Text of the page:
AT AN EVENING meet-the-candidates session for State Senate, Bill Green proves he is his father’s son. The first-term City Councilman has come to the Ethical Society on Rittenhouse Square for a function thrown by the Liberty City LGBT Democratic Club, and is using the opportunity to pepper one of State Senator Vince Fumo’s aides with questions. “Is Senator Fumo committed to serving four years?” he asks, standing in the crowd.
“I don’t know what you’re talking about,” Fumo’s aide, Ed Hanlon, replies.
“What about the indictment?” Green shoots back.
“I don’t think that’s an appropriate thing to talk about,” responds Hanlon. “We want to talk about the issues.”
Just hours from now, Fumo will withdraw from the race to focus on the 139-count federal indictment he faces. This entire conversation will be rendered moot. What’s memorable about it is the way Bill Green stands up in an open forum and tries to commandeer the floor, the way he turns a pizza-and-beer political event into his own personal grandstand. “Is Senator Fumo committed to serving four years?” he asks again. The crowd seems a little uncomfortable.
Between his refusal to accept any pat answers and his sheer size, the new City Councilman is hard to ignore. He is six-foot-three and 220 pounds, yet appears even larger. The great, thick shelf of hair on his head adds a couple of inches to his height. In less antagonistic conversations he laughs frequently, in guffaws that cannon from his mouth and charge the air. His nose is large and toboggan-shaped, as if to part the air before him. And his eyes are wide and familiar — tinted windows to the city’s past.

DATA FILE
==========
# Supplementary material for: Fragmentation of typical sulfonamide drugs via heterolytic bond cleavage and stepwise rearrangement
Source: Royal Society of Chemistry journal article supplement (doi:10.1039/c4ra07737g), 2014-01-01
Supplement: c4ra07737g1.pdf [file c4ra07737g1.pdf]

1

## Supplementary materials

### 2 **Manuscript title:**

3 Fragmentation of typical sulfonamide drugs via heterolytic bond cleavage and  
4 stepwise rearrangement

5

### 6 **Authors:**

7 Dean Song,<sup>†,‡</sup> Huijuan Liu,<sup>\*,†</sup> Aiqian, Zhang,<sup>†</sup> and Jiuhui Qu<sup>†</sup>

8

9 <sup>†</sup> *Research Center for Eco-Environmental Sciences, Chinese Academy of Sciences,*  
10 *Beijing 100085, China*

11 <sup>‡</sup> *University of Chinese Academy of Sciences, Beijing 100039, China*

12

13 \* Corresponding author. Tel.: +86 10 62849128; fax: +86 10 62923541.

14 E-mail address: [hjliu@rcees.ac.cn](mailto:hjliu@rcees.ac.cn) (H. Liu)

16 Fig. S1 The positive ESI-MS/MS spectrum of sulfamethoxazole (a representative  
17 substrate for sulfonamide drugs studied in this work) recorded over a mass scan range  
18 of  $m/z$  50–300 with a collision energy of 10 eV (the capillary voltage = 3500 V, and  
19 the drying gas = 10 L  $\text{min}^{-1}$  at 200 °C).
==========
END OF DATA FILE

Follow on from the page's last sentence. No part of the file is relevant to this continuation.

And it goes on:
His father, Bill Green III, served as both a U.S. Congressman and one of Philadelphia’s most colorful, combative mayors. His grandfather, Bill Green Jr., served in Congress and as this city’s legendary Democratic party boss. There was a long period during which Councilman Bill Green needed to escape from all this history. But since winning elected office last fall, the now-43-year-old has claimed his place in the family line.
This is a story about fathers and sons. This is a story about a great many Bill Greens. This is a story about what is arguably the First Family of Philadelphia politics, and the manner in which this newest Bill Green has burst on the scene, proposing a handful of incendiary ideas that earn him comparisons to his reform-minded father, and staunch opposition — also just like his dad.
Look at what he did at Liberty City, suggested a pair of Green’s opponents a week after the event. He wouldn’t sit down. Someone had to take his beer away. The insinuations are clear, but also complete B.S. Two of the people in the room that night, Liberty City co-chair Ray Murphy and State Senate candidate Anne Dicker, say Green may have been a tad “obnoxious.” But he was also “stone-cold sober,” and his questions were “clear and cutting.”
Of course, what matters isn’t what Bill Green’s enemies are saying. What matters is that just two months into his public-service career, Bill Green has enemies.
Maybe it isn’t fair to foist the weight of history on a man, to pass great expectations from father to son. And maybe it’s naive to welcome the return of a political dynasty. But Bill Greens have tended to leave this city a better place than they found it, and their story is a reminder that more than money is passed from generation to generation. This latest Green only chose to raise the family crest in middle age, far later in life than his father, but he found it still waiting for him, a shared legacy.